Separation and analysis of the sequencing data were also performed at the genus level, with a total of 10 genera affected by the corn processing methods (Table 3). Of these, 7 genera belonging to Firmicutes were found, including Roseburia (P = 0.037), Blautia (P < 0.001), Marvinbryantia (P = 0.011), [Ruminococcus]_gauvreauii_group (P = 0.027) and unclassified_o__Clostridiales (P = 0.066), which were significantly higher or tended to be higher in heifers fed the SFC diet than FGC diet. In contrast, Ruminococcaceae_UCG-014 (P = 0.036) and Ruminococcaceae_UCG-013 (P = 0.002) were decreased in heifers with the SFC diet. The SFC diet significantly increased the relative abundance of Succinivibrio (phylum Proteobacteria) and tended to increase norank_f__Bacteroidales_S24-7_group (phylum Bacteroidetes), but decreased the relative abundance of Alistipes (P = 0.003, 0.091 and 0.022, respectively).

Table 3 Percent relative abundance of genera with a significant effect of diet with steam flaked corn (SFC) or finely ground corn (FGC)

Association of ruminal bacteria and metabolites

To investigate the correlation between metabolites and the changes in the rumen microbiota in different groups, we conducted an association analysis (Spearman’s rank correlation coefficients) of the phenotypic module to detect significantly different rumen microbiota. Furthermore, total VFA, acetate, propionate, isobutyrate, butyrate, isovalerate, valerate, acetate-to-propionate ratios, NH3-N, and pH were correlated with the rumen microbiota. Unless otherwise indicated, significant correlations are considered a P value of ≤ 0.05, whereas highly significant results are considered a P value of ≤ 0.001. As shown in Fig. 4, the results are summarized in a heatmap. The correlation analysis showed that the relative abundance of Succinivibrio was positively correlated with propionate, but negatively correlated with NH3-N. Bacteroides, Bifidobacterium, and Faecalibactrium were negatively correlated with total VFA. Turicibacter was positively correlated with acetate. Blautia and [Ruminococcus]_gauvreauii_group were positively correlated with propionate, but Ruminococcaceae_UCG_014 was negatively correlated with propionate. In addition, Coprococcus_3, Phascolarctobacterium and unclassified_f_Lachnospiraceae were negatively correlated with butyrate. Rikenellaceae_RC9_gut_group and [Eubacterium]_coprostanoligenes_group were negatively correlated with valerate. [Ruminococcus]_gauvreauii_group was negatively correlated with NH3-N.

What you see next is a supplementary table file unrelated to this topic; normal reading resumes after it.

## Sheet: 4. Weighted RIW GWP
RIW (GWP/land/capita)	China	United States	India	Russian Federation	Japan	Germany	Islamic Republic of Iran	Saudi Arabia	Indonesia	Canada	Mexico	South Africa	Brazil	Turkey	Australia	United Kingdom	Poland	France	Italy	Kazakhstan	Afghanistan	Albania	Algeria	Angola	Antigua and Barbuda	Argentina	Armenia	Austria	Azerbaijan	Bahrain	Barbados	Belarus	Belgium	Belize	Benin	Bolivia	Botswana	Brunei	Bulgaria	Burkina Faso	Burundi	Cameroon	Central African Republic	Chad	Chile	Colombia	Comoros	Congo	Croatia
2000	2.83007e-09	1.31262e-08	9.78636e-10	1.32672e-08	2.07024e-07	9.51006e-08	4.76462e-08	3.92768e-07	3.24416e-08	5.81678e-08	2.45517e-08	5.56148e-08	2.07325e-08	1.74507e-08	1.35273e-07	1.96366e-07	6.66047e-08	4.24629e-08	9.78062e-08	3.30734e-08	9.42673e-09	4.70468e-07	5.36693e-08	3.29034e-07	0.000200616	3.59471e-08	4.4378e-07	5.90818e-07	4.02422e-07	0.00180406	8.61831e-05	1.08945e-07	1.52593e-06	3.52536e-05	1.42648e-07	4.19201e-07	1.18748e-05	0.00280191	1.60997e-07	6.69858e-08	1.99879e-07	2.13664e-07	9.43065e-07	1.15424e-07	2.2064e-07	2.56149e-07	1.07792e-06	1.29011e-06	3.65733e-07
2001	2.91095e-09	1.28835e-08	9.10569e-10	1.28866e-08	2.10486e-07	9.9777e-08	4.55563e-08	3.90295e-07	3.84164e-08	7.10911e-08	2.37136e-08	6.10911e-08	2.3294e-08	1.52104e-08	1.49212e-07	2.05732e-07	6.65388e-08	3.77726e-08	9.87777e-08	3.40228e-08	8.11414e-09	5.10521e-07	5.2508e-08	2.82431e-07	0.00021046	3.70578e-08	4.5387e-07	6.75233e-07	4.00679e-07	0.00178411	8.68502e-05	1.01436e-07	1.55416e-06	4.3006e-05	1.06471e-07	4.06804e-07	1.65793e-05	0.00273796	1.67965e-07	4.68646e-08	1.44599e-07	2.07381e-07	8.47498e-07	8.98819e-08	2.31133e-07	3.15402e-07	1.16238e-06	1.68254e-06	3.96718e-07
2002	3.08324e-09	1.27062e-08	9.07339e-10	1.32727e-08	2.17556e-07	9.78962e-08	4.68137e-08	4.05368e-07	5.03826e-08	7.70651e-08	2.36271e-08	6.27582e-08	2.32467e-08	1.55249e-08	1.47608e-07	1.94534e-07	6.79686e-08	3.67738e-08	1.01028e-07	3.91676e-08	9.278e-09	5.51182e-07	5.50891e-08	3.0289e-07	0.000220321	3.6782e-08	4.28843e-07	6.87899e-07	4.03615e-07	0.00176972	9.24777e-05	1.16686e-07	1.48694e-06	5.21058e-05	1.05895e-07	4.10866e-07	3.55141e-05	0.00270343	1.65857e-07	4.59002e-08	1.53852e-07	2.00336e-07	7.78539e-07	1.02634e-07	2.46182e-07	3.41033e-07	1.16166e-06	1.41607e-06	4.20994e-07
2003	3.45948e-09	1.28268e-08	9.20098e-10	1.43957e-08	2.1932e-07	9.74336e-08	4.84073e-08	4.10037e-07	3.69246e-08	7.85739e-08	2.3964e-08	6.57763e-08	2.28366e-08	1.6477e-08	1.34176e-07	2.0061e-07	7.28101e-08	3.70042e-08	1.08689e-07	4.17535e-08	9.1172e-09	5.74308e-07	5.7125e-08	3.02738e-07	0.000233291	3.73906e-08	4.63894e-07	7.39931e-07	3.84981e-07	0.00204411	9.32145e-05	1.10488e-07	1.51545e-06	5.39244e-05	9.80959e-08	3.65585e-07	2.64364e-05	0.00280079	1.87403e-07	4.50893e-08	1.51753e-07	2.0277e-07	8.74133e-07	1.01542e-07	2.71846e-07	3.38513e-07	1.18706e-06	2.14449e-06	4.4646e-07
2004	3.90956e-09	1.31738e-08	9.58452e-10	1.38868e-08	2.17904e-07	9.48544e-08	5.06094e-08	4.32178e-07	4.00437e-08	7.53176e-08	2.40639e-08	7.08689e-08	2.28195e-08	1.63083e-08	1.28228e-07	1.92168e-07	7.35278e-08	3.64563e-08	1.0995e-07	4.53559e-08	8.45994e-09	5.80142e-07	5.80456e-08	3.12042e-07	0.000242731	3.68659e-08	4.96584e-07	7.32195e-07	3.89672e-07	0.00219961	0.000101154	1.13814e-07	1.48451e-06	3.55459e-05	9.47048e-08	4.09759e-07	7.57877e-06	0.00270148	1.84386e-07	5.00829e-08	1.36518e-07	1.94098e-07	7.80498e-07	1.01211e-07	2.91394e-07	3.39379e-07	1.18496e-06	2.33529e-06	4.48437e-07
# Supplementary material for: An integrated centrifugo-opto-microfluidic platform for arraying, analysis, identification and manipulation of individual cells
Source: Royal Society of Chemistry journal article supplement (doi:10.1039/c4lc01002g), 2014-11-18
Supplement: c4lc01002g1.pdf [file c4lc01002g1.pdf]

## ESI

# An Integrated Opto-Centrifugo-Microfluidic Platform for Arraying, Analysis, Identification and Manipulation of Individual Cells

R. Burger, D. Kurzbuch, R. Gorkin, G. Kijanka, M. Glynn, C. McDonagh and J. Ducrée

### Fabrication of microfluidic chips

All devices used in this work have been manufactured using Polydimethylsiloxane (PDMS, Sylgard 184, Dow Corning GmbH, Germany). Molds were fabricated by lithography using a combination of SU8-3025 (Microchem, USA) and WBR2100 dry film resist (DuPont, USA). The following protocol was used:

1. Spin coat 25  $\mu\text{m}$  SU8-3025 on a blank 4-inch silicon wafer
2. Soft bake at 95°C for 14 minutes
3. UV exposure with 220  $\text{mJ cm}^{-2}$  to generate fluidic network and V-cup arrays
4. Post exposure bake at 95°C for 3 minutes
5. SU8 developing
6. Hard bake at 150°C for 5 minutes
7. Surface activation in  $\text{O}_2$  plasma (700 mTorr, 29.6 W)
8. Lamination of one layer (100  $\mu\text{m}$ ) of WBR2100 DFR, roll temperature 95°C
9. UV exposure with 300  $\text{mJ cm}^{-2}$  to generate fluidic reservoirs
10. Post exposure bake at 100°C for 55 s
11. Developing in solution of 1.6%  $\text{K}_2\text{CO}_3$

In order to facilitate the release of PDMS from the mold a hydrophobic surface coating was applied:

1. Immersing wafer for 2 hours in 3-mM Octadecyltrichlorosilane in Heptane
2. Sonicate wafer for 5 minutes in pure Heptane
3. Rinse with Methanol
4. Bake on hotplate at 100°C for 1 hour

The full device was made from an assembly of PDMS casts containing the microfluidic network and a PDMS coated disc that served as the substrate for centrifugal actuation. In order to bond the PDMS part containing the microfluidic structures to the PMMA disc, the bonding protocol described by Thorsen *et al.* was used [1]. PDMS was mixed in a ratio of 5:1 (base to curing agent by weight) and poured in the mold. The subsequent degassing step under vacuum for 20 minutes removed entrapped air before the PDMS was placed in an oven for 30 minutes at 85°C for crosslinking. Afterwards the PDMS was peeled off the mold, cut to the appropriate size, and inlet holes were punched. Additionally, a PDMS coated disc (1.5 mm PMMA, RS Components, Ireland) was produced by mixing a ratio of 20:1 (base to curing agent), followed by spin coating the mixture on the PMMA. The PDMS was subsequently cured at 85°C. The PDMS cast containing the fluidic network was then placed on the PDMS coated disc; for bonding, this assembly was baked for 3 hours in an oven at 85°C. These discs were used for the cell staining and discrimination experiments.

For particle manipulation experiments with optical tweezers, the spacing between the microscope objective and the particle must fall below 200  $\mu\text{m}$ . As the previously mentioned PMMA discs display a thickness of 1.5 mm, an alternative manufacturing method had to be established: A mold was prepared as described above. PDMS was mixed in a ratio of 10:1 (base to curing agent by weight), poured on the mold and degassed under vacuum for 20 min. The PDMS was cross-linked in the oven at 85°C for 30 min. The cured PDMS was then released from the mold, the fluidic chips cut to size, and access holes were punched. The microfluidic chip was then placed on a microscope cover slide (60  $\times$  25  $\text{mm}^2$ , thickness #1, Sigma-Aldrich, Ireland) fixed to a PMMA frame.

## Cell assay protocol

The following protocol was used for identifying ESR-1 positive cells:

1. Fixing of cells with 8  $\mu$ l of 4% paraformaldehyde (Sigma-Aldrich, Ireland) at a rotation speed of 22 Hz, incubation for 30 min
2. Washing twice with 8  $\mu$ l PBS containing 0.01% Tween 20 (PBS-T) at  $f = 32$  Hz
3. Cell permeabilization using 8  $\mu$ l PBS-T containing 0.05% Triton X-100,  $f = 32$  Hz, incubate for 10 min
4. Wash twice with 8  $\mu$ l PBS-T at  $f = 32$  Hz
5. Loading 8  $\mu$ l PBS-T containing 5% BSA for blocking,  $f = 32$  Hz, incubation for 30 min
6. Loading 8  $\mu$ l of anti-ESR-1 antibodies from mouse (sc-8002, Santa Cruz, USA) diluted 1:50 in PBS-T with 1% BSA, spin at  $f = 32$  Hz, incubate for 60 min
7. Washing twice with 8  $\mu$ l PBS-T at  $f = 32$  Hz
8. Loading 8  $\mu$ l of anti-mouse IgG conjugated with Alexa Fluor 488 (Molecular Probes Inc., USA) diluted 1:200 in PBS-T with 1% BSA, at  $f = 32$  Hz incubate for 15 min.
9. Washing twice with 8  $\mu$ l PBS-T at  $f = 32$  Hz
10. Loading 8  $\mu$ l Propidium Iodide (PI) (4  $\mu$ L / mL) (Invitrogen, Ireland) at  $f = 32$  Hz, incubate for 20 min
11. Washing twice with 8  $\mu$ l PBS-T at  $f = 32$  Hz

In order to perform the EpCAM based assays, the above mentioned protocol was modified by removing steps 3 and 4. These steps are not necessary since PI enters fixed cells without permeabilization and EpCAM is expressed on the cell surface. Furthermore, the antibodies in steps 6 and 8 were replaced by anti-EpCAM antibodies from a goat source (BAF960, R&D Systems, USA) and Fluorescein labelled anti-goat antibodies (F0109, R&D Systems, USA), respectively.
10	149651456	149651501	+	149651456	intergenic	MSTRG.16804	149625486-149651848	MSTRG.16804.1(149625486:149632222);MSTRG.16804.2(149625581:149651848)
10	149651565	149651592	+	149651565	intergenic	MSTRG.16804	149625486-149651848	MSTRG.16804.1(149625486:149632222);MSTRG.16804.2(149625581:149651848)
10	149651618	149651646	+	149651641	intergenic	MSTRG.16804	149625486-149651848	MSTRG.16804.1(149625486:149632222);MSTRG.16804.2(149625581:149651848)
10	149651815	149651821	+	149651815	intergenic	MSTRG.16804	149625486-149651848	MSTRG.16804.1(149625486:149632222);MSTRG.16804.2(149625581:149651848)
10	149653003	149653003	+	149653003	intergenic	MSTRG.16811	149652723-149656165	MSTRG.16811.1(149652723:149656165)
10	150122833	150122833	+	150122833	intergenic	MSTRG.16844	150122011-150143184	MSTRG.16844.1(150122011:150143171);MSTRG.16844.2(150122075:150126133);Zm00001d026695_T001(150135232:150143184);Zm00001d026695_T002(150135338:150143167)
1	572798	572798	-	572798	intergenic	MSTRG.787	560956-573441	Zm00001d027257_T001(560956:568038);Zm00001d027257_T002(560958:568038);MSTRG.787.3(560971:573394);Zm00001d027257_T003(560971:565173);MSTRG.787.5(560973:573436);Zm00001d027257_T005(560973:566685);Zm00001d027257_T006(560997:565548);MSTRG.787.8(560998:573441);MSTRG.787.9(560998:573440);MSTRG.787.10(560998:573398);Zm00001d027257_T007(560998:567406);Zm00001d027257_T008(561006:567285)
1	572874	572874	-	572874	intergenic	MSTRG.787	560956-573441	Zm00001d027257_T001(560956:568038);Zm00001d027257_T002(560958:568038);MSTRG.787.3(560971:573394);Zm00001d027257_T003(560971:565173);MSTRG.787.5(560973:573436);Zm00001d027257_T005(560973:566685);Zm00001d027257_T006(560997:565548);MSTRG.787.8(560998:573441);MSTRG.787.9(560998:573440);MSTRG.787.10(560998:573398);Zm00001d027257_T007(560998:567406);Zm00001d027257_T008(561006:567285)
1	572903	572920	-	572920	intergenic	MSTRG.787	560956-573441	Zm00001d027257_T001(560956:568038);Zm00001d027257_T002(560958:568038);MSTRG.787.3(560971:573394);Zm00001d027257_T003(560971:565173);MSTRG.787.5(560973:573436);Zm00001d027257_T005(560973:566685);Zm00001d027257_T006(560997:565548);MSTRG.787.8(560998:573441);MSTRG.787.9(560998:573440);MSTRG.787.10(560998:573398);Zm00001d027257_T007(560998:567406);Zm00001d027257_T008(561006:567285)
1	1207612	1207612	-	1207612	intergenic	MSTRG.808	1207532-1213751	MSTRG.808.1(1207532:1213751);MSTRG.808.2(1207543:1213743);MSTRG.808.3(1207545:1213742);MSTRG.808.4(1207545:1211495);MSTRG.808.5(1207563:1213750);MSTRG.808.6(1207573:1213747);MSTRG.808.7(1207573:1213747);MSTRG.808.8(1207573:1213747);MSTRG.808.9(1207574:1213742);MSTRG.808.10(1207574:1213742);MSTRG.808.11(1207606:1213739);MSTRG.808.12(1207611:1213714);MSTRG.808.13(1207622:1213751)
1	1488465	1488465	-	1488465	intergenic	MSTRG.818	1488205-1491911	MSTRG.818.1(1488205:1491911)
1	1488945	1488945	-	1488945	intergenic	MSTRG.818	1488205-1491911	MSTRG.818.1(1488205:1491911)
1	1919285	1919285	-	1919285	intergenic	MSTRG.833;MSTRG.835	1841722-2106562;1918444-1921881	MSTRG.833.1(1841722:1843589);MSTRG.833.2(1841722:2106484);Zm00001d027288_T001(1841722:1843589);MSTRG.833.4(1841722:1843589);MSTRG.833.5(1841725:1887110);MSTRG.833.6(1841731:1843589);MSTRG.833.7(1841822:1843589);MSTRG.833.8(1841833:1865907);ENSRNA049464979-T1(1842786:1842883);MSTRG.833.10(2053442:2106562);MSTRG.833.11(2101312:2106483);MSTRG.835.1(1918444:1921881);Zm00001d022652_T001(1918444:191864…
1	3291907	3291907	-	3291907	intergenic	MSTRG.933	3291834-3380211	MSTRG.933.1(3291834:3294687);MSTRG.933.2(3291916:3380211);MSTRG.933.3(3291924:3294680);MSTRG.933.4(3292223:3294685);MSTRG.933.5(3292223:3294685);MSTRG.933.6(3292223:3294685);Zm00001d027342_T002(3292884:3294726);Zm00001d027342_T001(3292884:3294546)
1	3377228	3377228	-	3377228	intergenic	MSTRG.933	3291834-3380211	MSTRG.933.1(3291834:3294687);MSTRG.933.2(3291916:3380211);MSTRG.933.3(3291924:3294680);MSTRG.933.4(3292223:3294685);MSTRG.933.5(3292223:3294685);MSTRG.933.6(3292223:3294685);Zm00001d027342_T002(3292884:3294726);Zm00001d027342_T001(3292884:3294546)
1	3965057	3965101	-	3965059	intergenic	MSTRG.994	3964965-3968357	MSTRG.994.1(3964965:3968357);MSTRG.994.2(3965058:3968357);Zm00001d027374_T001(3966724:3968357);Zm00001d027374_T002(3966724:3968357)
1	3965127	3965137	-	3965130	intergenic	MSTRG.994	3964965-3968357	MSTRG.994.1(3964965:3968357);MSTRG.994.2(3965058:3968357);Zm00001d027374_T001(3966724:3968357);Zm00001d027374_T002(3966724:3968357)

Fig. 4
figure4

Correlation between the relative abundances of bacterial genus level and the fermentation characteristics (top 40 genus). Total VFA, total volatile fatty acid; AP, acetate-to-propionate ration; AN, NH3-N. * means 0.01 < P ≤ 0.05, **means 0.001 < P ≤ 0.01

Predicted functional profiles of the rumen bacterial community